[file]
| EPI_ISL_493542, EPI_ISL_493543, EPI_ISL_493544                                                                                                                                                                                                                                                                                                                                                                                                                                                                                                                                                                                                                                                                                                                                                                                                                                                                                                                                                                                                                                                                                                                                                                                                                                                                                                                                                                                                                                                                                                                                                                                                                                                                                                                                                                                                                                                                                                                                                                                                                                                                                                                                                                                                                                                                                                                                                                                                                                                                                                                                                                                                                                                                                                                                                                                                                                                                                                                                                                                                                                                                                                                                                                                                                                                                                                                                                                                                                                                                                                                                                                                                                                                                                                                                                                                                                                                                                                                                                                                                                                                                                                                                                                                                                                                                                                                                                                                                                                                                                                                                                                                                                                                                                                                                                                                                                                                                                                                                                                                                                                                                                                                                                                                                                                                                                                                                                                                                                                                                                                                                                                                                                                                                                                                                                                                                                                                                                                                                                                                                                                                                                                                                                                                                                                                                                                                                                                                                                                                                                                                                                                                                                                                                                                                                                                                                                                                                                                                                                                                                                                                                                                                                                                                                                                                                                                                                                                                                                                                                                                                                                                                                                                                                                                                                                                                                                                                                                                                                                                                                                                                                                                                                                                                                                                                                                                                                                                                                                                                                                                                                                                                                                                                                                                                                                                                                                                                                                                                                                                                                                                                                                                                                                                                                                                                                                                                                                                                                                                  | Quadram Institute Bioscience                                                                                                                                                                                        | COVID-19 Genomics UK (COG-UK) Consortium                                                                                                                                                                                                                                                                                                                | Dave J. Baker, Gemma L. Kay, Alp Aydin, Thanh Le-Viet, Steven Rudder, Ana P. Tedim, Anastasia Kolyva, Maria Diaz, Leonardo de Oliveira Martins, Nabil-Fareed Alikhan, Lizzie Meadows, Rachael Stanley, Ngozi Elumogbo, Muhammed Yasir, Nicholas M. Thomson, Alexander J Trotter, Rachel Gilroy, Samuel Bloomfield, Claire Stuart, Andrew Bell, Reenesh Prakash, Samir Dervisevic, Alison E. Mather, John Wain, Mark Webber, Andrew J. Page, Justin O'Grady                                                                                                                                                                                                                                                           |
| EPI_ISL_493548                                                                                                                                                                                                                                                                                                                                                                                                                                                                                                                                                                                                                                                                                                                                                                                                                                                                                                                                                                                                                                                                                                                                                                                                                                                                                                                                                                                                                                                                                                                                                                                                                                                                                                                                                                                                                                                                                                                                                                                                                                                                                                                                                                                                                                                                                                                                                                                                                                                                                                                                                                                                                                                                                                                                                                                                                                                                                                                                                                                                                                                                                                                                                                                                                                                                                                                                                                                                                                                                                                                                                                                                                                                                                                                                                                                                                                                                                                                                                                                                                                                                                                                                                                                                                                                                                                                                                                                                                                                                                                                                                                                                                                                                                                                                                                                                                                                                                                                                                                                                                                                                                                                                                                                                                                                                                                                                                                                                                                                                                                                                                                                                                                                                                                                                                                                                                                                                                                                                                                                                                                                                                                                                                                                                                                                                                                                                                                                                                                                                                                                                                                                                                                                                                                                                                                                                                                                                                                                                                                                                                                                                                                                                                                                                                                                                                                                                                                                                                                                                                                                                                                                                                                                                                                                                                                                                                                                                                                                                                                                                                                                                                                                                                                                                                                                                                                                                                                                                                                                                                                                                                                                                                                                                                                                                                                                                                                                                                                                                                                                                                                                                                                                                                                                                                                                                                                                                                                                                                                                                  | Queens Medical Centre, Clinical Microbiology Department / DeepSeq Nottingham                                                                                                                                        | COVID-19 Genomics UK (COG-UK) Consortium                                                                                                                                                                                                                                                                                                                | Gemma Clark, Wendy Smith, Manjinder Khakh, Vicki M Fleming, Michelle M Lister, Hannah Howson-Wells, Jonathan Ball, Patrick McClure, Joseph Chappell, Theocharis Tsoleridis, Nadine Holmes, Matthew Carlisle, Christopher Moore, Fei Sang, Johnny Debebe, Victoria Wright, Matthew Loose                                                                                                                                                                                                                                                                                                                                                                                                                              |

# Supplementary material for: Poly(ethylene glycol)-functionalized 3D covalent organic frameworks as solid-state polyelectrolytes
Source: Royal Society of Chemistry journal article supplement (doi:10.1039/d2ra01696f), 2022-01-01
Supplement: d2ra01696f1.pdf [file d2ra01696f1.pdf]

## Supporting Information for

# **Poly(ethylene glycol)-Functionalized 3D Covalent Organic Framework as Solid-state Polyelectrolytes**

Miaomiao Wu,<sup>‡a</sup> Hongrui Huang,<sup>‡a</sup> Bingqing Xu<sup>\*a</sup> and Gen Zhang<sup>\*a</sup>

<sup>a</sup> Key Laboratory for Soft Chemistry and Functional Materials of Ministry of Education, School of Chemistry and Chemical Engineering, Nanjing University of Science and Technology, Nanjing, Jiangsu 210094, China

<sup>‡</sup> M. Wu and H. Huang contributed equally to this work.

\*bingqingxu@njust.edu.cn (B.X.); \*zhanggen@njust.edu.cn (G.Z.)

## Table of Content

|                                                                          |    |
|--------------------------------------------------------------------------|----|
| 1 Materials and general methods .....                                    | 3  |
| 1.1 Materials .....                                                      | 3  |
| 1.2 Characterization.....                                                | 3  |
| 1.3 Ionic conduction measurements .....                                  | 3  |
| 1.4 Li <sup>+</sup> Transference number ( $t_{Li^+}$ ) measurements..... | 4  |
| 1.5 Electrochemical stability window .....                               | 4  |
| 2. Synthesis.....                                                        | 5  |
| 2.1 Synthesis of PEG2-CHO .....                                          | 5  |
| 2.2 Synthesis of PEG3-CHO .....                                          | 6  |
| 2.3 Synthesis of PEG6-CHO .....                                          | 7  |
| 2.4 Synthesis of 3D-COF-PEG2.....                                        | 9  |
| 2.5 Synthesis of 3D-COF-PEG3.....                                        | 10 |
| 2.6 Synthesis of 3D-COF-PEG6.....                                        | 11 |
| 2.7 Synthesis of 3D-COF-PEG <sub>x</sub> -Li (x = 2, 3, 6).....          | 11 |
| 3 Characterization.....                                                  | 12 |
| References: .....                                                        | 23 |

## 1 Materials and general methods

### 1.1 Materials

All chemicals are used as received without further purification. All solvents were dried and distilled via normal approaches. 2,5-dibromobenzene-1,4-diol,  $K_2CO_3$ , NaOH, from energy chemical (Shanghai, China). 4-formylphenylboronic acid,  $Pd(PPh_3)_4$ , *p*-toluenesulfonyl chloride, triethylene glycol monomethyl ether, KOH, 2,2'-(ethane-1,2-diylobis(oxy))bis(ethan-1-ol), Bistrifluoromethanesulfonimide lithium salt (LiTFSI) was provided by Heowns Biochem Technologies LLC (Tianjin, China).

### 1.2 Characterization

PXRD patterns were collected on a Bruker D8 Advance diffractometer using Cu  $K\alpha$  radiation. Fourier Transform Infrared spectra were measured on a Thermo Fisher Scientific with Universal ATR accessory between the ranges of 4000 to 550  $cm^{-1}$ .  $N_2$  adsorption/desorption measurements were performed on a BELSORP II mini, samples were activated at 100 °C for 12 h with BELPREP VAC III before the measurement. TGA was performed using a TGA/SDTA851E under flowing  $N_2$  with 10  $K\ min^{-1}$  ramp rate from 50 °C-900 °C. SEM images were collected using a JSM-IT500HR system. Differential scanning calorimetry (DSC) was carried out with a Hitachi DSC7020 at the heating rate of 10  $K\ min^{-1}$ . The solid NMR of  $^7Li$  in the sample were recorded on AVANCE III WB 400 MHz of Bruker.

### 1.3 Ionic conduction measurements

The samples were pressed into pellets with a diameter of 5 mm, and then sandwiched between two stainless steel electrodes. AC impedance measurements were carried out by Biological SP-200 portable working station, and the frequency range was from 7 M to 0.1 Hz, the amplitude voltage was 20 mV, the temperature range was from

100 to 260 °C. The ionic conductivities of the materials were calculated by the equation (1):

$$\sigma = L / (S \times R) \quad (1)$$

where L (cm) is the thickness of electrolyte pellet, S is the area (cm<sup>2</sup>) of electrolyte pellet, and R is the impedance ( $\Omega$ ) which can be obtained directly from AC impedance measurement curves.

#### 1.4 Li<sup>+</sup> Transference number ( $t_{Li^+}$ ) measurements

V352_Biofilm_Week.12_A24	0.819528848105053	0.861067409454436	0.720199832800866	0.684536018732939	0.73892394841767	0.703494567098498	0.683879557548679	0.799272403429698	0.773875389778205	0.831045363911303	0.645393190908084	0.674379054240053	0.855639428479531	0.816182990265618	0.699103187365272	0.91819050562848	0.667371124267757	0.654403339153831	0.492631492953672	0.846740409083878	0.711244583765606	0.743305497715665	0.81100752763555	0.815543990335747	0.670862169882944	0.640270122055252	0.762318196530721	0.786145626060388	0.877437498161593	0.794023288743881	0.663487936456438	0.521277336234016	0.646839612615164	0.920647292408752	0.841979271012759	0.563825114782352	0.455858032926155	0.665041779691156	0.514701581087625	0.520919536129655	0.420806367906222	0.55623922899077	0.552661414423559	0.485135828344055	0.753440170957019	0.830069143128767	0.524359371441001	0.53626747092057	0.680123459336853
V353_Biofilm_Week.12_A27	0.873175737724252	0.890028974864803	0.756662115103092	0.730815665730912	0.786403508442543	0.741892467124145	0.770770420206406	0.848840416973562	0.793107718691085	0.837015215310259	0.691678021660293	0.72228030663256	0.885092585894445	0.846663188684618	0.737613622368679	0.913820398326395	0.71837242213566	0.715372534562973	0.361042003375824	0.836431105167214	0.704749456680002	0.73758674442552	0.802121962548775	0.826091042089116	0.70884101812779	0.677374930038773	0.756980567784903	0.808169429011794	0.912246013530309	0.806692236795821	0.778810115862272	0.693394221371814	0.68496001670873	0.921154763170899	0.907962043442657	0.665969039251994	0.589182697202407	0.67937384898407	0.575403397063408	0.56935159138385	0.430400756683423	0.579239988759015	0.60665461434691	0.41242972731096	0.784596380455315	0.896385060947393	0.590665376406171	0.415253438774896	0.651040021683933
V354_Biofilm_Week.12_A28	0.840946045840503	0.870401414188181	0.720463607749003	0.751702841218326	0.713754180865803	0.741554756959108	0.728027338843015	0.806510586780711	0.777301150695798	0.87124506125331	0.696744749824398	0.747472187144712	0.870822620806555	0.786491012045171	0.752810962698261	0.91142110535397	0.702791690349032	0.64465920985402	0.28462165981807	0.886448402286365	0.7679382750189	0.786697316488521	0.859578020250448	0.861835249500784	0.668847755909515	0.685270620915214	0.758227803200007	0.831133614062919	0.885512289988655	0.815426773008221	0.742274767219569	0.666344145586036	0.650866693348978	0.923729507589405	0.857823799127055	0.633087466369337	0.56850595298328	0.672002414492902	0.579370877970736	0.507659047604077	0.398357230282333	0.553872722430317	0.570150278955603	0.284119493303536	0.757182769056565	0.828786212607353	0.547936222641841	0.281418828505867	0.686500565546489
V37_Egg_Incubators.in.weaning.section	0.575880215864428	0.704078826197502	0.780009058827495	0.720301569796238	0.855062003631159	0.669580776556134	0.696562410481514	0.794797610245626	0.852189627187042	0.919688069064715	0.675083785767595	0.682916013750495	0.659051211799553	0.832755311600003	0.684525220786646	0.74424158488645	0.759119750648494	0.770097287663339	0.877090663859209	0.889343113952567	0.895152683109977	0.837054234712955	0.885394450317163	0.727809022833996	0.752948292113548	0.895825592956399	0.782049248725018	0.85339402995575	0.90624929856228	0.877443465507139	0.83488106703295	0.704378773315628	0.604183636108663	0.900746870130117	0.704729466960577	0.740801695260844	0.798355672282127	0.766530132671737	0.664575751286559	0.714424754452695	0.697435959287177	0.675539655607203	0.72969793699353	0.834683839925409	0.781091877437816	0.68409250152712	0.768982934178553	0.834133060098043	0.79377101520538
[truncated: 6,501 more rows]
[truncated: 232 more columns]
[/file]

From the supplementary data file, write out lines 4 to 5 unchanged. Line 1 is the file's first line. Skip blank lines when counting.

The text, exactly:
Source: Royal Society of Chemistry journal article supplement (doi:10.1039/d2ra01696f), 2022-01-01
Supplement: d2ra01696f1.pdf [file d2ra01696f1.pdf]